Published for It is not on any map, catalogue
There are tricks of the eye that through water are amplified by the presence of opalescent light. A billow of cloud morphs as though a freight train running across the sky and a rock on the seabed can scatter into a thousand small fish before our eyes. Language too shifts and multiplies in its meanings as it passes through endless prisms of subjectivity. Should we try to hold or fix its meanings, it seeps like water through clenched hands. This fluidity of language imbues it with an innate freedom that is plural and paradoxical.
In the context of political, social, economic histories of the past, and present matrices of global capitalist movement, we find ourselves pushed along by powerful forces of language. Historically, strategies to dominate language were embedded within the logics of binary oppositions -where something was defined in terms of what it is not. It wasn’t until advent of Post-structuralism in the 1960-70 that the notion of the essential quality or the dominant relation in hierarchical systems was rejected. Post structuralism set out to deconstruct and thereby expose ‘the dependency of the dominant term on its apparently subservient counterpart’1 within the prevailing knowledge system. In his essay Signification and Sense, Emmanuel Levinas remarked on this emerging field of semantic inquiry: stating ‘that every verbal signification lies at the confluence of countless semantic rivers’2 The postmodern revolution in language saw the elevation of the subject(ed) and the breaking down of authorative superstructures of language. The Yes and No, the Good and Bad dissolved into a third space from which could then emerge a profusion of lost struggles…
We need just flick through the magazine of our minds to swiftly remind ourselves of how language is instrumentalised and internalized via the hegemony of capitalist conditioning. The dialectics of profit or loss, bankrupt or bailed out, sovern or sold, success or failure - identify a familiar vocabulary, structured ‘toward the production of commodities and, therefore the material condition of our very lives’3.
The risks inherent in ideologically over prescribed language as such, manifest as morbid symptoms that empty language of its capacities to generate and bestow new names and categories of experience. ‘The loss of the ability to speak, of ‘language capacity’ thus, means the loss of belonging in the world as such’4.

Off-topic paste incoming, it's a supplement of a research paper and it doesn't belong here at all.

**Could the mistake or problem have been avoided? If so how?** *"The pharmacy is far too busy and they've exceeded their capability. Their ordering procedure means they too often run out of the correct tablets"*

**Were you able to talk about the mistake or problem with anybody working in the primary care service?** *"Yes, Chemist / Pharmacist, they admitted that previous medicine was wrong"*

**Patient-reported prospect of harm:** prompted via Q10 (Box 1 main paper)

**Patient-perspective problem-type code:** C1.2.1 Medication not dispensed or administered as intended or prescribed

How then amid a tyranny of political rhetoric, seduction and persuasion; do we go about unfolding a language of belonging and what form might this take?
Histories’ hold a deep reservoir of meanings, from which the present speaks. Language akin to water continues to pour through the cracks and contours of written social and historical time. To absorb the residues of past events, our thought, memories and imagining’s become the latest incarnation in the afterlife of language.
For language to ignite as a potent force for change, it is necessary to go beyond ‘stitching of the old fabric of binary interiority back together in the form of an imagined outside.’5 A lucid language, an aware language requires that it be expressed reflexively not dogmatically. To negate, the binary interiority of our own discourse, is to cast language continually outside of itself. It then acts as a force, not directed by any inner certainty or center but towards an outer bound where it continually contests itself. Thus creating a space for impossible recognitions and new beginnings. Released from certainty and centrality, knowledge in its archive or production transmutes into a swirling, errant, perplexing and naked potentiality. Lightened and emancipated from a power that exhaustively reproduces ideologically entrenched images of reality, language unfrozen from these dictates, liquidates the power of perceived norms.
The exhibition ‘It is not on any map; true places never are’ set out to explore the notion of a true place derived from certain coordinates drawn from history yet conceptualised through a language that sought to call forth the outer-bounds of history, in its present and continuous forms… Re-presenting the fata morgana ‘as that which subverts its own taxonomy, as it exists continuously in nature as the contingent and possible’, designated a conceptual strand where histories and the imaginary could converge, merge and spill over into - a new order of the visible.
The exhibition was sited in the context of abandoned Edwardian building (circa 1864). The Edwardian architecture weighted with material designates of the 1800s ideology underwent semantic dislocation. The quite dereliction of 30 years of private closure, its former imaginary status secured by prohibitive metal fencing was thrown open to historical investigation, artistic/critical practice and public intellectual struggle.
The exhibitions participating artists included; David Ian Bickley, Conor Kelly, Irene Tanner, Johnny Wallace, Aoife Banville,Miranda Blennerhassett, John McHarg, Jack Charite Lunt,Deirdre Southey, Dee O Shea and Siobhan De Paor. Varying in texture and tone, artists produced visual substitutions on the fault line between the neither here nor there but continuous elsewhere. Unstable and provisional akin to the nature of mirage, the exhibition, for a moment in time infused reality with inner transparencies. Illuminating by what it concealed until in its provisional processes it dissolved and scattered into a vapored lightness of the collective un-imaginable.